JacKaLs GHosted

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“Aunt Mary, you’ve been blocked,” my niece explained. “There’s nothing wrong with your computer.” 

“What?  How? Why?” 

 Jill had told me when she was very young, “I don’t know it all, but I know some things,” and she did.

 “Hard to know the why, but how to block is easy, even though it’s the highest level of “distancing” on social media.  If you need just a little distance, you can “unfollow” someone and go to their page to read posts only when you want to.”

I nodded. “Glass of wine in hand to prepare for my nephew’s angst-filled posts.”

“Right, and they won’t know you’ve done this, especially if you check in now and then.  Next is ‘unfriend.’ This might be noticed, as you will disappear from their list of friends.  They can still see comments and posts as “friends of friends” and you can see theirs. Blocking is the most extreme, usually reserved for scammers and trolls. If you can’t see anything at all, it means they’ve blocked you.”

At first I hadn’t realized what was happening when a “friend” disappeared on Facebook. Sometimes I’d see four comments in a row with none in between, like a person talking to herself.  Some people do set comments to “friends only” so if we don’t know that person, we won’t see her comments. Technical difficulties, glitches in the system?  Then I read about “ghosting,” blocking friends as one would the scammers who “like your pretty smile.”  It’s the electronic version of “cutting them dead” in old books on manners.  

My niece explained the process and offered consolation. She reminded me of my mother’s warning that “two girls can play nicely together, three or more will fight.”  She called it the JacKaL Effect, but never explained the odd capitals, initials perhaps?

“Really, if they are mean, you are better off without them. You’d never have done that to anyone, and you’ll never really trust them again. Move on,” and I did. Cyber-friendships were ephemeral anyway. It’s not as if it was happening in real life, until it was. 

Real-life blocking began, reasonably enough, with law enforcement enforcing  restraining orders and witness protection.  Then someone hacked the technology, and soon there were seemingly empty desks at work with work getting done, empty seats in theaters and restaurants that one couldn’t manage to sit on, involuntary weaving on sidewalks to avoid invisible obstacles.

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It all came to a head for us one Thanksgiving when the youngest niece started crying, “Grandma, make them stop! Make them stop being mean and talk to each other.  It’s rude to ignore people.”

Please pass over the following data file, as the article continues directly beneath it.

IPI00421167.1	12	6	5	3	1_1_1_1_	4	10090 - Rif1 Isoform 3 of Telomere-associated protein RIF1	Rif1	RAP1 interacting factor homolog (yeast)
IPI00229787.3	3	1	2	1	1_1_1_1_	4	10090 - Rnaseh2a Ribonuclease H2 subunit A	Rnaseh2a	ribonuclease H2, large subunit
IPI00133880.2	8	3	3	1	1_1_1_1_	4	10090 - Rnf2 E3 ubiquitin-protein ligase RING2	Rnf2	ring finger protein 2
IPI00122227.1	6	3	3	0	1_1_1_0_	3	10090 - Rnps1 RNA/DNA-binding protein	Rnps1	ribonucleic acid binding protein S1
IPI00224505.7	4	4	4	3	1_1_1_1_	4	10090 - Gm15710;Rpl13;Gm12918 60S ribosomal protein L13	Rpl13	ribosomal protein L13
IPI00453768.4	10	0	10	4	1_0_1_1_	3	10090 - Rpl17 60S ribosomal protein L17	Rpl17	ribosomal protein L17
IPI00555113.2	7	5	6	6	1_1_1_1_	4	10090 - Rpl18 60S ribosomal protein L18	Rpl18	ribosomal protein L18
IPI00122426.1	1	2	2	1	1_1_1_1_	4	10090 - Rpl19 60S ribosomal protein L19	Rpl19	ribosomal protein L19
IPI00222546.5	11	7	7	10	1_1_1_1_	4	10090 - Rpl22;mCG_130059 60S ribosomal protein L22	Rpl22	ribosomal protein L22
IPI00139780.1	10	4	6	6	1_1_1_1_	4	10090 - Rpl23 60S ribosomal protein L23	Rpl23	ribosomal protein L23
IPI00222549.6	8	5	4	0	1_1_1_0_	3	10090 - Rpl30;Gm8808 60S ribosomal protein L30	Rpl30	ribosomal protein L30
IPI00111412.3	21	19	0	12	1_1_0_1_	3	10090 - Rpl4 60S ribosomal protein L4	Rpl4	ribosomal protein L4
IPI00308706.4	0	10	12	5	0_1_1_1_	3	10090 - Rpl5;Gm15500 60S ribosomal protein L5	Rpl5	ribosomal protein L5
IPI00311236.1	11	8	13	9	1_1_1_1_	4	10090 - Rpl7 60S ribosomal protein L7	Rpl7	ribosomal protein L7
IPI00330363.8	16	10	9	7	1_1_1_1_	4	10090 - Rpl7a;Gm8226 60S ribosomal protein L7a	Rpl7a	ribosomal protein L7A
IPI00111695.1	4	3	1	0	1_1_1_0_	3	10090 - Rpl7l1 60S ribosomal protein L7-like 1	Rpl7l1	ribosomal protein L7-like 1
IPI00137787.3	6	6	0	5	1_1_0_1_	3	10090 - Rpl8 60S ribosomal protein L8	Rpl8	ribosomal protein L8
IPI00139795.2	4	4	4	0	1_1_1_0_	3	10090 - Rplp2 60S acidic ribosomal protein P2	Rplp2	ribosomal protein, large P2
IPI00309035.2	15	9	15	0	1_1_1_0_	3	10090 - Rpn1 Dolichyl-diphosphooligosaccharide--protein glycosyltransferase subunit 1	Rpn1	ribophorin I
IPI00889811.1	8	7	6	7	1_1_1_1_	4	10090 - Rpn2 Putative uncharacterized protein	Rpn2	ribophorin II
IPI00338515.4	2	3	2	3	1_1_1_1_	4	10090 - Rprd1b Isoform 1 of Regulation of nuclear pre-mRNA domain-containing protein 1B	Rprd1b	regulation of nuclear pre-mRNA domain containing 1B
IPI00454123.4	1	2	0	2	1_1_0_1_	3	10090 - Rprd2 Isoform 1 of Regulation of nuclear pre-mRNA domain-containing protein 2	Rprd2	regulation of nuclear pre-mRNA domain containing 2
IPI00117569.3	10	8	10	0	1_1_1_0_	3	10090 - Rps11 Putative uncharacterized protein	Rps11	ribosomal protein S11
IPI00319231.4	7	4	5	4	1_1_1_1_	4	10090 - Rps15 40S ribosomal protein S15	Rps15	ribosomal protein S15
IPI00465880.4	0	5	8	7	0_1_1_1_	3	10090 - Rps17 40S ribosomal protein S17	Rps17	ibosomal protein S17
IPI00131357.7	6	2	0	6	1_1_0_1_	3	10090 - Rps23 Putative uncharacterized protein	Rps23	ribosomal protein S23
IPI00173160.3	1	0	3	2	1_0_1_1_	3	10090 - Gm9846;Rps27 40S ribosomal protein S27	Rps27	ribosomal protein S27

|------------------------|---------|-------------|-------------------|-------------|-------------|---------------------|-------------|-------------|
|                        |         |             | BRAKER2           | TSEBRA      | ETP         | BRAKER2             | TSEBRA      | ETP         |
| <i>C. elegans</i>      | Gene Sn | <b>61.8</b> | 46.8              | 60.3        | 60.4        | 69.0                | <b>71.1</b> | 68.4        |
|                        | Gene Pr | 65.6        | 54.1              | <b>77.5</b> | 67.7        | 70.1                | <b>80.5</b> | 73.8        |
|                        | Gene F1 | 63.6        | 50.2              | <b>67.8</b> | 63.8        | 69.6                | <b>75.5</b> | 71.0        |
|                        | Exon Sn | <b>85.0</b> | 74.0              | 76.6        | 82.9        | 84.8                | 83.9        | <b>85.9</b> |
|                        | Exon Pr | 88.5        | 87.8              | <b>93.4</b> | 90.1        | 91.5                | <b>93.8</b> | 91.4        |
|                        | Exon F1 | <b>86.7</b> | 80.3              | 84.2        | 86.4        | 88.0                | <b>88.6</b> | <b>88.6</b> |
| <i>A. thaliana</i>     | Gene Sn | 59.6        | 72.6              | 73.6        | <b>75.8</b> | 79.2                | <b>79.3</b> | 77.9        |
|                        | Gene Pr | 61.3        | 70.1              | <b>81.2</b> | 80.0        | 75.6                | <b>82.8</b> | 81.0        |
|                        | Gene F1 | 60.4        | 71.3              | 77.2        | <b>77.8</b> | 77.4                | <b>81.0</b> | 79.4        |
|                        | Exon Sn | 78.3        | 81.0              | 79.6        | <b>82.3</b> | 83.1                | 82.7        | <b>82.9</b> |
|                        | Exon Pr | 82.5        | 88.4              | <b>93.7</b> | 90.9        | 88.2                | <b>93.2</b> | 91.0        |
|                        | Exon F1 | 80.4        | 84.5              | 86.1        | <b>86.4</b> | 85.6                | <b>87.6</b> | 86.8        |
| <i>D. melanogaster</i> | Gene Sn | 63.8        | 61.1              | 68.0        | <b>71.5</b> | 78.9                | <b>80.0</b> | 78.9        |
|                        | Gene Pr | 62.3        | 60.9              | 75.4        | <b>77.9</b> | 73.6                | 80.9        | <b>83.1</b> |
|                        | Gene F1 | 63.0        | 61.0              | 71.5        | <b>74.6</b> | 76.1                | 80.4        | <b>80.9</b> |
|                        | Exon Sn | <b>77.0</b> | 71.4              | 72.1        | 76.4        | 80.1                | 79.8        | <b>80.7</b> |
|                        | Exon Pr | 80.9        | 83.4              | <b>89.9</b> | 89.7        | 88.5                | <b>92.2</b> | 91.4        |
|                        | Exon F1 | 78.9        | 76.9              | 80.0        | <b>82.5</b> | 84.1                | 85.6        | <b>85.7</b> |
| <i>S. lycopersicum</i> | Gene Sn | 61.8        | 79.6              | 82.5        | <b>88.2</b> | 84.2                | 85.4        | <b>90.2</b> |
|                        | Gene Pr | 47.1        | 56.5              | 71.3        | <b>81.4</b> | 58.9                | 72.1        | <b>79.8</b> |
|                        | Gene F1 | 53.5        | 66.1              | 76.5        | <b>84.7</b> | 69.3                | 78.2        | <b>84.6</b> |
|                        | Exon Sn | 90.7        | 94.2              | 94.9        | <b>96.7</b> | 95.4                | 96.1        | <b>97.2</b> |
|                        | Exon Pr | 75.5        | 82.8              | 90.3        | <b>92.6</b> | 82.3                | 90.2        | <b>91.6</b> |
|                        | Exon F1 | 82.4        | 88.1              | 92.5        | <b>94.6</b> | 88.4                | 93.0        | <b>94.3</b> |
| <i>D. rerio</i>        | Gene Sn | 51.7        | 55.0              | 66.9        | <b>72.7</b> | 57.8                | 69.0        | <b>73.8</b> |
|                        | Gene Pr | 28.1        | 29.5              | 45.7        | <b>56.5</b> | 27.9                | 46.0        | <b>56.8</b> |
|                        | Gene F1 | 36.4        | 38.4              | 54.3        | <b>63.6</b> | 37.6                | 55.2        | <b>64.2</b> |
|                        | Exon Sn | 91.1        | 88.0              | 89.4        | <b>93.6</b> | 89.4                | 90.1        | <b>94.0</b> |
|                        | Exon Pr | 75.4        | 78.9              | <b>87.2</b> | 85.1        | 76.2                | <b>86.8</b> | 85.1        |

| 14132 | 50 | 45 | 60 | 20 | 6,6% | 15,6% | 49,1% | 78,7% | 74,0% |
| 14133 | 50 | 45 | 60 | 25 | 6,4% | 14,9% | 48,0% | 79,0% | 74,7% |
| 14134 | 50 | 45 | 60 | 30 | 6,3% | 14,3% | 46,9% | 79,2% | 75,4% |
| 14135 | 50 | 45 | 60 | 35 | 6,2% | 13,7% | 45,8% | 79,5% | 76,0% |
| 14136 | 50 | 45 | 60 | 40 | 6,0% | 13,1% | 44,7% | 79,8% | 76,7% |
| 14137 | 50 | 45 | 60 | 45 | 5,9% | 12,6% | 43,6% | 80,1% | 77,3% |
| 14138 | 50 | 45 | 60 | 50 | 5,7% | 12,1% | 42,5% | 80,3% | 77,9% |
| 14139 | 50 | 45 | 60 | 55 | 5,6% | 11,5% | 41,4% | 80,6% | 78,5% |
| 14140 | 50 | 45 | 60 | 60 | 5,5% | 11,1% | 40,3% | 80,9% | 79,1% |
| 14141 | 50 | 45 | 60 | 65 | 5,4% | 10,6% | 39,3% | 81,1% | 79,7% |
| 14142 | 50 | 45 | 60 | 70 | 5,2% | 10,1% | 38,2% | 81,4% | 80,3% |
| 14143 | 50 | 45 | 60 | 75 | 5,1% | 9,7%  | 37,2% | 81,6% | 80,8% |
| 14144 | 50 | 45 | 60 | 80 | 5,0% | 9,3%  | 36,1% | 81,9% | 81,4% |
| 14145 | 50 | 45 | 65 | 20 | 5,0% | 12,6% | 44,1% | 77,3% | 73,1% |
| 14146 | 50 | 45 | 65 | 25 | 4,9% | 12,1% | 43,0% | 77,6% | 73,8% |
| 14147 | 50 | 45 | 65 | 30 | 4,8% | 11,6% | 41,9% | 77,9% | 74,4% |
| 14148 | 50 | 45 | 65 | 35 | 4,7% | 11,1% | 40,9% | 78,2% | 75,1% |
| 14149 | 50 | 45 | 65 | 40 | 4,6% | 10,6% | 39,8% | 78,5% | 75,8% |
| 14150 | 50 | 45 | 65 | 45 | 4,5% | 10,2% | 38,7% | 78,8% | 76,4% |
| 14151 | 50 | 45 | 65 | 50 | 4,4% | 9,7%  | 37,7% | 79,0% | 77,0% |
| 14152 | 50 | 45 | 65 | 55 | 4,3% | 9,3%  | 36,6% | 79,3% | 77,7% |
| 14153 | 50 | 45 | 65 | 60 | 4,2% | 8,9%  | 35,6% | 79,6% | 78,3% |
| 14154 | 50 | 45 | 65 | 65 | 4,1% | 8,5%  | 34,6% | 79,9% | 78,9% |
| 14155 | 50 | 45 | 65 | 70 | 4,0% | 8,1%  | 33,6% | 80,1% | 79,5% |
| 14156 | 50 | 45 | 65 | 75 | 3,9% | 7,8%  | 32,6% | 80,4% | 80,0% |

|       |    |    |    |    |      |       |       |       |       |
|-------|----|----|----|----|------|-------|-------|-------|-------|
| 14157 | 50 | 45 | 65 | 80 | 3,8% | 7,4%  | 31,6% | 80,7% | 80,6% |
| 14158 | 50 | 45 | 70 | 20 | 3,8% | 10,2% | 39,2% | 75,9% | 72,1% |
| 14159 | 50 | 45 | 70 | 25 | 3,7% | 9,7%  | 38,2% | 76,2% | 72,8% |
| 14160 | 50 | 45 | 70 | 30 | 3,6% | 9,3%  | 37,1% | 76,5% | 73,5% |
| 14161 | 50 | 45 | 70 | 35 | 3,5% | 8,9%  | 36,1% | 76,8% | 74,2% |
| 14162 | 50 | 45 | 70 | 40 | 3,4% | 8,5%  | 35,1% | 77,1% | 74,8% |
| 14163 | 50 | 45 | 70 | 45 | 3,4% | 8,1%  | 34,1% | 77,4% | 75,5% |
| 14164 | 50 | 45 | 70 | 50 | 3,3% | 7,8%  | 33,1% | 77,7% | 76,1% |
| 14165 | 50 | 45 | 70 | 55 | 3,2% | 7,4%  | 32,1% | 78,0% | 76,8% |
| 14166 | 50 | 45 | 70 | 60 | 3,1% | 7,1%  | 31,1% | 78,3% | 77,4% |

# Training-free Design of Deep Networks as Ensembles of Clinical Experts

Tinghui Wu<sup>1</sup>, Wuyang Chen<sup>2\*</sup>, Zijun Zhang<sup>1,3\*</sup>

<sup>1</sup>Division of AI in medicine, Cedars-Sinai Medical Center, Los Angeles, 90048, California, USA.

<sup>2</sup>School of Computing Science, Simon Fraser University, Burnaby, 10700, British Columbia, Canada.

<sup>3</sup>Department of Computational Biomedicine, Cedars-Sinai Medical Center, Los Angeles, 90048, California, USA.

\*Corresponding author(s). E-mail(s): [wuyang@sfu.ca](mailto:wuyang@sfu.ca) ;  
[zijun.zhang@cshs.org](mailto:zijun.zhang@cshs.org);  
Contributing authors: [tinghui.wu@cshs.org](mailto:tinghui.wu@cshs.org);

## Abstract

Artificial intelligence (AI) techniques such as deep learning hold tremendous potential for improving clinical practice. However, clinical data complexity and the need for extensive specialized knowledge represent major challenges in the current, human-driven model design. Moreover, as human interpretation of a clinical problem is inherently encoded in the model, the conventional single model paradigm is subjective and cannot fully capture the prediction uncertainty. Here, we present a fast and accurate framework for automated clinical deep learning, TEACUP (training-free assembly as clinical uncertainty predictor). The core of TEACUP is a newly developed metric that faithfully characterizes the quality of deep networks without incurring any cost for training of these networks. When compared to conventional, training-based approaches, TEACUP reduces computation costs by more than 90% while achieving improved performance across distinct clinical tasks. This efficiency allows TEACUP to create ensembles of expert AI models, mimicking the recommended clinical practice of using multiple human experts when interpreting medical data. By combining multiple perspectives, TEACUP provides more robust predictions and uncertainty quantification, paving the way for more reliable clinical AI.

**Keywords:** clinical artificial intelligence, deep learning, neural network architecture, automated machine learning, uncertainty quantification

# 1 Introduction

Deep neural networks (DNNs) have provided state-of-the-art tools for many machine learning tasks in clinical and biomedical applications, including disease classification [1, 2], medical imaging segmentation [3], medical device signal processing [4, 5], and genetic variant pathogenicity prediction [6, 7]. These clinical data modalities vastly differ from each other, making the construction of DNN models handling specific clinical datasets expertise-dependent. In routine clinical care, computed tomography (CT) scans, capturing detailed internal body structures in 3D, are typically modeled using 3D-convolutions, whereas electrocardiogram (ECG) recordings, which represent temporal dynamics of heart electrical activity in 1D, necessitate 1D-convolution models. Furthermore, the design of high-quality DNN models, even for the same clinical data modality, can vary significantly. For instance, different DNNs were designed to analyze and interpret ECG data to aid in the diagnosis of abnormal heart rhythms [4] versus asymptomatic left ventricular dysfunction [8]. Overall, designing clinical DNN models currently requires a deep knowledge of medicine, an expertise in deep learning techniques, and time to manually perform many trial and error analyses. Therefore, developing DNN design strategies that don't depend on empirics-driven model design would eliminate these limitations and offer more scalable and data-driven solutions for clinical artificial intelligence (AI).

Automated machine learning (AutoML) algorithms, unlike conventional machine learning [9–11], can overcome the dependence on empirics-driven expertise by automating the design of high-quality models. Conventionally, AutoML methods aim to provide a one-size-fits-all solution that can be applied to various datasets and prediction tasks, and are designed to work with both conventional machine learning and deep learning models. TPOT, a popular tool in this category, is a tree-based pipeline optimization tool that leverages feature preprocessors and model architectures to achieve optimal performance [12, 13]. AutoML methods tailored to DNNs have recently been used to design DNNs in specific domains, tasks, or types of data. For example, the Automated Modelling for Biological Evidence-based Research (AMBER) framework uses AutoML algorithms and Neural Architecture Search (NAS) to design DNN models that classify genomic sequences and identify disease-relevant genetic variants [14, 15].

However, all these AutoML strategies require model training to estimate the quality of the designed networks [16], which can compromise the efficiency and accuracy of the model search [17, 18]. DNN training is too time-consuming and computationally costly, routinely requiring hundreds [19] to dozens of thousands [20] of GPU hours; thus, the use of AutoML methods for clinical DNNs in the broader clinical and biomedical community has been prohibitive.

Jill, always practical, asked, “How can we fix it? I know, let’s take roll. Raise your hands if you can see Beth.” Everyone could.

“Who can see Grandma?”  Everyone.

“Who can see Uncle Joe?” Ben’s hand stayed down. 

“Ben, could you say something positive about Uncle Joe?  Anything? Anything at all?”
“Well, Uncle Joe taught me to fish.  He was very patient, even when my hook caught on his cap.”

“Uncle Joe, tell me something you like about Ben . . . please?  Just one thing?”
“Well, Ben is very bright . . . and helpful.  When my old car wouldn’t start, he helped me fix it.”

Grandma, the patient crocheter of lace and mender of boo-boos, continued Jill’s work with each person at the table, coaxing everyone to remember good things and acknowledge loving gestures, reminding all of what family was.  When there were no more shimmering gaps around the table, she had everyone join hands to say grace again.  Then she brought out the pumpkin pie and whipped cream, the cheesecake, and the cherry pie that was Beth’s favorite.  Gaps might still exist on (anti-)social media, but Grandma love can fix everything important.

I asked Jill if it would work online.  She winked and said, “Not worth the bother. Just mentally thank them and let them go.”

Smart girl!  

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We are each of us angels with only one wing, and we can only fly by embracing one another. Luciano De Crescenzo

 

 

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